Toni has asked me to talk to you about what being Australian means to me and what I believe this wonderful place offers. So let me tell you a bit about my background and the sort of opportunities that I’ve had here.
I’m a fifth generation Australian, possibly sixth generation but it gets a bit murky back there in the archives. My parents were both born here but they left Sydney in the early 60s because it was a cultural desert. There was no arts scene to speak of. There was not much theatre being produced and what was on offer was pretty conservative. And since they were both very creative people, there just wasn’t the sort of cultural life to sustain them. So I was born in London in the swinging 60s. Two years later, my parents saw an exhibition of Australian art and got so homesick that they decided to return. At least, that’s the story.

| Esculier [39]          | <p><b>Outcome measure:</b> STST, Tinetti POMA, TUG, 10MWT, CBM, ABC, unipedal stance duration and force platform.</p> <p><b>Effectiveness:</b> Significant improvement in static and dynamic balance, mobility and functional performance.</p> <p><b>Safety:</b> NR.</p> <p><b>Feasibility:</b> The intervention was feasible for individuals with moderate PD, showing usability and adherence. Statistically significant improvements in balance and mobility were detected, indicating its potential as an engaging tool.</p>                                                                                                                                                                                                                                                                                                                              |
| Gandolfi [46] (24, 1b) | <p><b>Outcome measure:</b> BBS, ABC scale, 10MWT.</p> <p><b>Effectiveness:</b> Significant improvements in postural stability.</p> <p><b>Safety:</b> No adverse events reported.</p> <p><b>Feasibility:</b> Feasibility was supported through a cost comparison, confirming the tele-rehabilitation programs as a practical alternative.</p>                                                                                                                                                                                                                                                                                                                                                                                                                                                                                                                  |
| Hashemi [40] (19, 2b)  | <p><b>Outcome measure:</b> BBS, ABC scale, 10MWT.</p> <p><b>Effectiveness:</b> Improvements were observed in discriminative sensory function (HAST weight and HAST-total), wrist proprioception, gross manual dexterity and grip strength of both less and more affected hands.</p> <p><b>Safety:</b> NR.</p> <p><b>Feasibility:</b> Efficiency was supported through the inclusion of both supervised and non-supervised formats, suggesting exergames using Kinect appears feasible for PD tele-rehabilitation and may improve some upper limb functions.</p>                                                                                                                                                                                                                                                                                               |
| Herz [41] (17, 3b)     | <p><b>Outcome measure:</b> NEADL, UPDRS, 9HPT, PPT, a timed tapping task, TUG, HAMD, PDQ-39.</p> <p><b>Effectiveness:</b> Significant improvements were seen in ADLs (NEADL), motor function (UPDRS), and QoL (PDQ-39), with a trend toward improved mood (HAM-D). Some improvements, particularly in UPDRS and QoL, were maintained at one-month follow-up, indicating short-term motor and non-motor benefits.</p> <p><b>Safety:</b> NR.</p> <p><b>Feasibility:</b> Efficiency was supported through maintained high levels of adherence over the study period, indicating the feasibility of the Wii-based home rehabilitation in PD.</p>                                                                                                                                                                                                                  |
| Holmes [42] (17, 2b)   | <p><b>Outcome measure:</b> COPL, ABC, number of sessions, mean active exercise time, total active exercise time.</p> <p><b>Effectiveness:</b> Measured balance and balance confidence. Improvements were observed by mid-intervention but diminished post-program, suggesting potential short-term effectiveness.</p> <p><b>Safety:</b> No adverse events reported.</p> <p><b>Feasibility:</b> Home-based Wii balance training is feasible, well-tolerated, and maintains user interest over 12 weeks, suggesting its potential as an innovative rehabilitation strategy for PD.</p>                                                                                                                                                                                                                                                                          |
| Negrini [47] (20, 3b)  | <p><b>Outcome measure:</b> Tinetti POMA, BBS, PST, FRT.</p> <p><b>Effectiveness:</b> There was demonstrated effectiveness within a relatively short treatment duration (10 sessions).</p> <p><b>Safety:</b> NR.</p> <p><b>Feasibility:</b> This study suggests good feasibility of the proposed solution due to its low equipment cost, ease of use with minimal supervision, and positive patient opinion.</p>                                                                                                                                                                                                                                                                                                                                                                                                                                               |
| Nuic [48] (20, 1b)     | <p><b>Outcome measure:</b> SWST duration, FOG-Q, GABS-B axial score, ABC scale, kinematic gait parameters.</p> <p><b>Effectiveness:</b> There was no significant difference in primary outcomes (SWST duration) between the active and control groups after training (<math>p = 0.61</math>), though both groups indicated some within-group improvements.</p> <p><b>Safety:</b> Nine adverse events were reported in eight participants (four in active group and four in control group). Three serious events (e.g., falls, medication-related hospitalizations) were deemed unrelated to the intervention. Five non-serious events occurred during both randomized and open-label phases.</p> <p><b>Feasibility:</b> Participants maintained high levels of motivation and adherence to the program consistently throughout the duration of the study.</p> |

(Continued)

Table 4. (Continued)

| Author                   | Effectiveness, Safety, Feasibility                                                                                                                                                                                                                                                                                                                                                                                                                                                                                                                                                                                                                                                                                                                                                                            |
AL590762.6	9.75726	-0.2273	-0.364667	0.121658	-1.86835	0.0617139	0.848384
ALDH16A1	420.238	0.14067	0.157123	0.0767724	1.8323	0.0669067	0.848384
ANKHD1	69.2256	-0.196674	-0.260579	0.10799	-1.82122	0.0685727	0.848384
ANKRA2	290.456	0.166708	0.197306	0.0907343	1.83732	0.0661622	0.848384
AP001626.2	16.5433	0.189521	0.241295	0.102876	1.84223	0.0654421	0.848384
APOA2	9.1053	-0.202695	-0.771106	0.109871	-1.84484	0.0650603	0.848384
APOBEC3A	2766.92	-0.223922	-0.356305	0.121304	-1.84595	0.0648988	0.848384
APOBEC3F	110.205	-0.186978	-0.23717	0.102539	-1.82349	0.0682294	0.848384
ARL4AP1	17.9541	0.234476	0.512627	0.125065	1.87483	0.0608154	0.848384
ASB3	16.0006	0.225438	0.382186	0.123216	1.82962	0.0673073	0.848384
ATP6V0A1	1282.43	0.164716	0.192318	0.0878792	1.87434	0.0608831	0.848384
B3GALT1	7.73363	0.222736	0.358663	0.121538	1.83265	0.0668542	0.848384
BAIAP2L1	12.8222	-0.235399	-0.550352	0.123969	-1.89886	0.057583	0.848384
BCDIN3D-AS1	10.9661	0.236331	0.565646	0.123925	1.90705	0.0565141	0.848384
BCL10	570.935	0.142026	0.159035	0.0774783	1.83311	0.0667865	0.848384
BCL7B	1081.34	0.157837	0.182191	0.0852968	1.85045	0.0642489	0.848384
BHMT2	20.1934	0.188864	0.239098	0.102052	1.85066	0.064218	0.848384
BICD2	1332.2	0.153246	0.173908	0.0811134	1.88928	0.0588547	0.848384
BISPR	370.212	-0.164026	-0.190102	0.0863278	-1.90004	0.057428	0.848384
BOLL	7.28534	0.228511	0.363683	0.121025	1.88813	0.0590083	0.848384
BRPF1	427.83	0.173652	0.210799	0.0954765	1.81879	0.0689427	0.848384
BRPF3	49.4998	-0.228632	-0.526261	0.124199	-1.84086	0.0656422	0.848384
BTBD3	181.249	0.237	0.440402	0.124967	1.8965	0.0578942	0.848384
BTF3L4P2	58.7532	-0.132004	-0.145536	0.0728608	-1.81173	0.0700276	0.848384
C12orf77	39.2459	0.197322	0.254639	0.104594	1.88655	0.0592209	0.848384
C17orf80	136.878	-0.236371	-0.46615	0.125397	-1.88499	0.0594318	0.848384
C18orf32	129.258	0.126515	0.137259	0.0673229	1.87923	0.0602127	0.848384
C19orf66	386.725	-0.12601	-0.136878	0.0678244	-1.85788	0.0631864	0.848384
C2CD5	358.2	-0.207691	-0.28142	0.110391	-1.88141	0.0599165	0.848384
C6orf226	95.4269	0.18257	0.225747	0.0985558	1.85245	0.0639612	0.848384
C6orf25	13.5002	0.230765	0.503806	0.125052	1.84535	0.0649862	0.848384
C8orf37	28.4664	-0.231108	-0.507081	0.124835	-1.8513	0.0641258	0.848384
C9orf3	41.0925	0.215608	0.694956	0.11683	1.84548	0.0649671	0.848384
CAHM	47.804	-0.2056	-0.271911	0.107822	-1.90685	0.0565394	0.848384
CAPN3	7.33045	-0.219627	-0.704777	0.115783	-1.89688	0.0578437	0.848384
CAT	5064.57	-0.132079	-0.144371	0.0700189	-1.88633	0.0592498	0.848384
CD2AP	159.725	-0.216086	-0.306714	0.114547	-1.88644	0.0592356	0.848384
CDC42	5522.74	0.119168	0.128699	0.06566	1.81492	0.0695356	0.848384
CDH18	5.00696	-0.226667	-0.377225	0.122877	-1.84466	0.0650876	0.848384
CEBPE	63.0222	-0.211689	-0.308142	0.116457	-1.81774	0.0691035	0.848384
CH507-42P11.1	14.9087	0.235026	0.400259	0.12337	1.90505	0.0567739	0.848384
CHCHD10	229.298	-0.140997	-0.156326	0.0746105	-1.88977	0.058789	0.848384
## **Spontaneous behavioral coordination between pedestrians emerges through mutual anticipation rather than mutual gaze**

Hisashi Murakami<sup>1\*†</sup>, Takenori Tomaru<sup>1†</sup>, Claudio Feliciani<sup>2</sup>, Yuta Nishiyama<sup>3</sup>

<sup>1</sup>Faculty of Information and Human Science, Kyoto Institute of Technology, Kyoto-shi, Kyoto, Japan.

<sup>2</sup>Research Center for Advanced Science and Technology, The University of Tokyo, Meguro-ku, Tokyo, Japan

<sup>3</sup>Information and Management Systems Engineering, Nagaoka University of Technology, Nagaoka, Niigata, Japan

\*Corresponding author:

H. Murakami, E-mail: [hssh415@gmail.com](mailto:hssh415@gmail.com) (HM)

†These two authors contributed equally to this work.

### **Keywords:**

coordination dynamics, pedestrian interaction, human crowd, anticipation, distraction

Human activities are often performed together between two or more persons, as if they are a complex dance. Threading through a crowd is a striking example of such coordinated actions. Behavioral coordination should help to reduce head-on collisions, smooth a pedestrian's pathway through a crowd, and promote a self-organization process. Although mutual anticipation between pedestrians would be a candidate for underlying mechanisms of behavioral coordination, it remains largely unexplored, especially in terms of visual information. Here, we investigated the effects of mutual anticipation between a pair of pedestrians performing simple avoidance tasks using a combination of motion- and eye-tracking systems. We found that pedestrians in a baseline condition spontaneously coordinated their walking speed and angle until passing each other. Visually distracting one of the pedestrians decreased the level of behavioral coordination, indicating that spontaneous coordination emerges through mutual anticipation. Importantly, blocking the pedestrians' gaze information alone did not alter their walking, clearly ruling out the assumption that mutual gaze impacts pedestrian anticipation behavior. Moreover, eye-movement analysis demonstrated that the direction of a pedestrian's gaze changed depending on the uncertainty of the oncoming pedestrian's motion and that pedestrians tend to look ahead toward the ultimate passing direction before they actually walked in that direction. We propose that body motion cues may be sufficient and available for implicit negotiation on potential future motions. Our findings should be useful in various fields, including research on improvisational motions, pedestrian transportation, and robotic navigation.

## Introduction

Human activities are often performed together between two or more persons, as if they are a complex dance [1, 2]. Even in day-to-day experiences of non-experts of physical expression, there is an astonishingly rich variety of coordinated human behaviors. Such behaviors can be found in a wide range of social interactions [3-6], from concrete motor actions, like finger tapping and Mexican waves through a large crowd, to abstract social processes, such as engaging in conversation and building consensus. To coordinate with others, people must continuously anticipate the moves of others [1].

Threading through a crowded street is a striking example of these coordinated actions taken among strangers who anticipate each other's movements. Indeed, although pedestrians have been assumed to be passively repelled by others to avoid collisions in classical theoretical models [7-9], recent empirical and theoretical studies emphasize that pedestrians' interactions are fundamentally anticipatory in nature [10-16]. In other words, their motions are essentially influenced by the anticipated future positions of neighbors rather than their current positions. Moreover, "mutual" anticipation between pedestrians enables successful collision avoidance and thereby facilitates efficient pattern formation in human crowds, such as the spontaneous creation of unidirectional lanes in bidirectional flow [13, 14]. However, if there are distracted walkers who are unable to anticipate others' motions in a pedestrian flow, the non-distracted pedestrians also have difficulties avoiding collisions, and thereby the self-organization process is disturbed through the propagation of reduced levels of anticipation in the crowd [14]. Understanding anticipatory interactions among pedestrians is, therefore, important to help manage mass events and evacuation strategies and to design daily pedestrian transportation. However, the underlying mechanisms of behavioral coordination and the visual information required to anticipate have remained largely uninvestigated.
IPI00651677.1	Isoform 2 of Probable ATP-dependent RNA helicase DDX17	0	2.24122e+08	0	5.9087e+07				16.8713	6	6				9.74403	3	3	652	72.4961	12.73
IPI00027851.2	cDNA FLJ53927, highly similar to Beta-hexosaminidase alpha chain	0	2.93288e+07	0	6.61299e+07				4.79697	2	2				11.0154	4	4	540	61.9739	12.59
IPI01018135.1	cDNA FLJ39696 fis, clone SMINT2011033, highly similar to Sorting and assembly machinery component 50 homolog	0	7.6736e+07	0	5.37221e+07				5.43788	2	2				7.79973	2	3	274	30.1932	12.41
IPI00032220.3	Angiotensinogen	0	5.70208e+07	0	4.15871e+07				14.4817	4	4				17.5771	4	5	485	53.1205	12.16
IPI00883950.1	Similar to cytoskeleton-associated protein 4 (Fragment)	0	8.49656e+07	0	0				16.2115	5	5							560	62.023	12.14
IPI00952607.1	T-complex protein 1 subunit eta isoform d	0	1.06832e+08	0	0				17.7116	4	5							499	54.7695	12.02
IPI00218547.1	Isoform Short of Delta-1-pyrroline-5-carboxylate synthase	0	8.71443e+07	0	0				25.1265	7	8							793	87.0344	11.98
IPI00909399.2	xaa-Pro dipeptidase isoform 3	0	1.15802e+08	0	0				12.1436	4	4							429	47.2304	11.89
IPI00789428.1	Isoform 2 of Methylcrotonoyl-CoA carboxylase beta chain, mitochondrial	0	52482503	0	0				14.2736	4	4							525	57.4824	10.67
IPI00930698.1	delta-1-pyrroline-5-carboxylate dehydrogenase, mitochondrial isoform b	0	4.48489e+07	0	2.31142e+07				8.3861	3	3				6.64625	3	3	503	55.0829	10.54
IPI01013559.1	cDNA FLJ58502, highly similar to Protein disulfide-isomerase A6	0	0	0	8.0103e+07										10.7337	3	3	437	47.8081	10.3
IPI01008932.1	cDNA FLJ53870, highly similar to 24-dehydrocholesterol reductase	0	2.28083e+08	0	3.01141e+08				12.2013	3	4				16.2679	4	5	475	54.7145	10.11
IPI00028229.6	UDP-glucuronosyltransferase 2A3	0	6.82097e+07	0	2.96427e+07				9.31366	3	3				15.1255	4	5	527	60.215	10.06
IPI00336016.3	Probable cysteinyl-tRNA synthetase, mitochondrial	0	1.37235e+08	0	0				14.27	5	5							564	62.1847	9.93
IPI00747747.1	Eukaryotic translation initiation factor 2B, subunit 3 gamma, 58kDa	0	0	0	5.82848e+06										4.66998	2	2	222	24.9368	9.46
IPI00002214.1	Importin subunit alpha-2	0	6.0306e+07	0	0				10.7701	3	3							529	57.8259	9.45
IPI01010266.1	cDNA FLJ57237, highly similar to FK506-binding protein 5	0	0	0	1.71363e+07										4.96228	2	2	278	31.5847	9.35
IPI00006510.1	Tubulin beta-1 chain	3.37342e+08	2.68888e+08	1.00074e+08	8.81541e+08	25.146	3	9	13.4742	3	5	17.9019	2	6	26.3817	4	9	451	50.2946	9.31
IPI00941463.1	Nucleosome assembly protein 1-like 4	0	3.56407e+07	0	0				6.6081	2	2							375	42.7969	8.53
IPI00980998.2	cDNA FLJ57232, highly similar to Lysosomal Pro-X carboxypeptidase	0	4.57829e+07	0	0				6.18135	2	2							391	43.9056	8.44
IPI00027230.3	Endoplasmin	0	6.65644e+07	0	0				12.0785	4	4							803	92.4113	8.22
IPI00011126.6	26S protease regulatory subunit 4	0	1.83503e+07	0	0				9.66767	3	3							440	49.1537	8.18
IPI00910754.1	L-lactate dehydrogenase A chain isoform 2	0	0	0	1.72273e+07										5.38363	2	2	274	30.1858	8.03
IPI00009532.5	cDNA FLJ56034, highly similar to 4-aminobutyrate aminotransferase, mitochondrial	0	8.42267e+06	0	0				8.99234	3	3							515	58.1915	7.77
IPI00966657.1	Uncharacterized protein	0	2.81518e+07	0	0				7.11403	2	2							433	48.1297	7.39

We moved into Woollahra in 1970, when it was still very much a working class suburb and Queen Street was a regular old suburban street with milk bars, and newsagencies and butcher shops that were about as far removed from today’s glamorous Churchill’s butcher shop as you could possibly imagine.
I often think of Queen Street as my songline because it holds so many memories for me. We lived in two houses there – initially at number 46 where my Mum first had her antique jewellery shop (she still has her shop there, at number 36 today), and then we lived at number 117, a fabulous old Federation House called St Kevins, which my father restored from what was essentially an old dump.
My Dad loved old houses and was very active in the local community. He started the Queen Street Fair, which became one of Sydney’s annual highlights. And he organised a local action group called the Queen St and West Woollahra Association to protect historic houses of the area, many of which were under threat from plans to build a freeway right through the guts of the suburb.